as the toothpaste tube, brassiere, teabag, beer mat and coffee filter were
invented here. The world’s first daily newspaper was published on 1
July 1650 in Leipzig. Back in 1894, Saxony was home to the precursor
of roller skates and inline skates. The first gasworks in continental Europe
brought gaslight to Halsbrücke near Freiberg in 1815, while Germany’s
first district heating works brought central heating to Dresden in 1900.
The first CFC-free refrigerator from Saxony gave the environment a
break and won the German environment award in 1993. Between 1997
and 2002 the administrative district of Dresden recorded the highest
increase in high-tech patent applications within the EU.

Education and Research
Research and development
The state’s universities are centres of Saxon research. In addition to their
basic funding they receive project funding from the Saxon ministry of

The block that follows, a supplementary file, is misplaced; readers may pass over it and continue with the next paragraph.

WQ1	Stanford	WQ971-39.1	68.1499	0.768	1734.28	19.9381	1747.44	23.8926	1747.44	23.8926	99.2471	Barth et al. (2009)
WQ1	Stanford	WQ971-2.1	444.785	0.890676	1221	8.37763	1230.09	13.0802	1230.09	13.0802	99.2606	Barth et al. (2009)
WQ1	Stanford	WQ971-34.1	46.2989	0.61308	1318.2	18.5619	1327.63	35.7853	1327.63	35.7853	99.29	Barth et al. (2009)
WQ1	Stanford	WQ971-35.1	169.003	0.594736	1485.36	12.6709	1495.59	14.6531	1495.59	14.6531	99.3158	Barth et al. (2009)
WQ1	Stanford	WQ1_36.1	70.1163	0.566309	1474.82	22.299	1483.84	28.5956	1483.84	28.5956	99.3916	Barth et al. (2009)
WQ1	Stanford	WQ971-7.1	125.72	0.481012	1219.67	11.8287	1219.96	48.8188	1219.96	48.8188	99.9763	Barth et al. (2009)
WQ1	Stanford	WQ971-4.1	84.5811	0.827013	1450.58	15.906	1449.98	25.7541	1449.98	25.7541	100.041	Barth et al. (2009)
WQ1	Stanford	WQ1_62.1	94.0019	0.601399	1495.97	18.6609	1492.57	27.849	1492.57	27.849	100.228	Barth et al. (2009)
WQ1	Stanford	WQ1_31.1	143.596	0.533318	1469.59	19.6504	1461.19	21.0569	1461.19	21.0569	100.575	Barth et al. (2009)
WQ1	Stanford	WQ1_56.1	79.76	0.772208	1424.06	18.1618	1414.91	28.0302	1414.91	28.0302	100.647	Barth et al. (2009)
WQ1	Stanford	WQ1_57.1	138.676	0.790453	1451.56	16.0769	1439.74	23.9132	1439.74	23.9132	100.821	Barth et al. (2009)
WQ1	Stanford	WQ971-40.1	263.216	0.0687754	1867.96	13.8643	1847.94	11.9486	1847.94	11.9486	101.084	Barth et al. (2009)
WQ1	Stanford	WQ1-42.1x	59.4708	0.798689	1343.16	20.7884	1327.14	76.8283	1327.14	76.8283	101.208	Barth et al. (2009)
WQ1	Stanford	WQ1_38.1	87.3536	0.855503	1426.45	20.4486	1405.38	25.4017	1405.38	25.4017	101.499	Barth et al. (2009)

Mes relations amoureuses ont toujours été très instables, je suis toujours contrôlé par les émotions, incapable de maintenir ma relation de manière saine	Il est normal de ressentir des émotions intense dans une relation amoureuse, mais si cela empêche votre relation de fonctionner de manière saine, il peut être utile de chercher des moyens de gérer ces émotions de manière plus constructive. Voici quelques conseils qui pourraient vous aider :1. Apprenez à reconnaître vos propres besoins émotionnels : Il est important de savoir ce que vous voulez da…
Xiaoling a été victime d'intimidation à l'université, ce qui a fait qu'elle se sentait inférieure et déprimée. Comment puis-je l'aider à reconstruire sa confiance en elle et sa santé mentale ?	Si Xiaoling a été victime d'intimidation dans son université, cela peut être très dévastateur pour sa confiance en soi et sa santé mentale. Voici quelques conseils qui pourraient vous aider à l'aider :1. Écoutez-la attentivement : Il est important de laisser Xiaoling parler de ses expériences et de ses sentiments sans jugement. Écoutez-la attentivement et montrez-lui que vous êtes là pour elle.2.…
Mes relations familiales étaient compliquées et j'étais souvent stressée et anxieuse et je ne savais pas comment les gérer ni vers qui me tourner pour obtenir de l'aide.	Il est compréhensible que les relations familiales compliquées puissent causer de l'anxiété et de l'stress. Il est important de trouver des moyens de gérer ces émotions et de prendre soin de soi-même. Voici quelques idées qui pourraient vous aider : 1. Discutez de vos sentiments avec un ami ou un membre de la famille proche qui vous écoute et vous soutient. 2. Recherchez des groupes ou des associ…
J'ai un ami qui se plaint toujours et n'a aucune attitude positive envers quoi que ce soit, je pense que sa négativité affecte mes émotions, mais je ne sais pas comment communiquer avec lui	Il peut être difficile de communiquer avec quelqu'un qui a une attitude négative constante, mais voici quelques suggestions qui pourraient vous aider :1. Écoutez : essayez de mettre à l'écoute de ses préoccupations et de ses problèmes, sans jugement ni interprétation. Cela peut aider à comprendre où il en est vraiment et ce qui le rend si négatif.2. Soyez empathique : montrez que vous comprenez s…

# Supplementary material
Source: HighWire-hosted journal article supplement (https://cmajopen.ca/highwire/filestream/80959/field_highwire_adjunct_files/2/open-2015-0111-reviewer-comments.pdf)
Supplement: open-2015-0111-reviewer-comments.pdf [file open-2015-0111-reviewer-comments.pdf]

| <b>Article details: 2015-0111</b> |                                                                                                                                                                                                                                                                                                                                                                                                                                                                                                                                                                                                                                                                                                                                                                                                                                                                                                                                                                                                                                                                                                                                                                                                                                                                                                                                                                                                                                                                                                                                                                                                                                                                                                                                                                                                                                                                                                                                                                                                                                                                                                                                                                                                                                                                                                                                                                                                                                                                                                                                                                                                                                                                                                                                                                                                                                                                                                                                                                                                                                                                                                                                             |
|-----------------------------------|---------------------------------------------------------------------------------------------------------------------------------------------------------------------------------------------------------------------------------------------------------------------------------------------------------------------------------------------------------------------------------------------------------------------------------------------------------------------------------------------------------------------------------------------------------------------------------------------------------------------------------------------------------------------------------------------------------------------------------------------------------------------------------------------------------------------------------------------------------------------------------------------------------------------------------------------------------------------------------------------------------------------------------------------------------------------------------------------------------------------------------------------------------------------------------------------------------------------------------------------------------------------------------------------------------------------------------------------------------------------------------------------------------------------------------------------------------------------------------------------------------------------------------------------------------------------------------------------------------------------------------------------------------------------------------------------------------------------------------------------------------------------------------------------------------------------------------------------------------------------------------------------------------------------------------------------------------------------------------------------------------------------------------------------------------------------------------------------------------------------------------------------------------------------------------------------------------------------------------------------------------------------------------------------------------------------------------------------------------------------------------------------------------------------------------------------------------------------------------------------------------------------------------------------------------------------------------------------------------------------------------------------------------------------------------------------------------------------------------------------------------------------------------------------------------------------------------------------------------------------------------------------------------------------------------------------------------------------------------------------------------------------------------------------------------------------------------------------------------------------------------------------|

Science in order to undertake projects in the field of basic and innovati-
ve research. Saxon universities also share external funding with growing
success. In 2004, their third-party funding totalled about EUR 226
million. In addition, the German Research Federation (DFG) currently
funds 16 special research areas, 18 graduate colleges and 11 research
groups at Saxon universities and research facilities – of which three have
an international status – as well as seven research groups at Saxon
universities and research institutions. More than 50 non-university
research facilities with about 2,800 funded appointments were subsidised
by the Free State of Saxony with supplementary funding from the federal
The research facilities include three Max Planck institutes each in Leipzig
and Dresden that mainly corry out basic research, the Umweltforschungs-
zentrum Leipzig-Halle GmbH, which performs especially complex tasks
in environmental and health research, eleven Fraunhofer Society Institut-
ions and 2 Fraunhofer Society facilities as centres of technology transfer,
research institutions of the “Gottfried Wilhelm Leibniz” scientific
association and 11 state-run facilities.
Over the past ten years, Saxony has also extended extra-university
research into the humanities and now has seven non-university research
facilities including the Saxon Academy of Science in Leipzig, the Insti-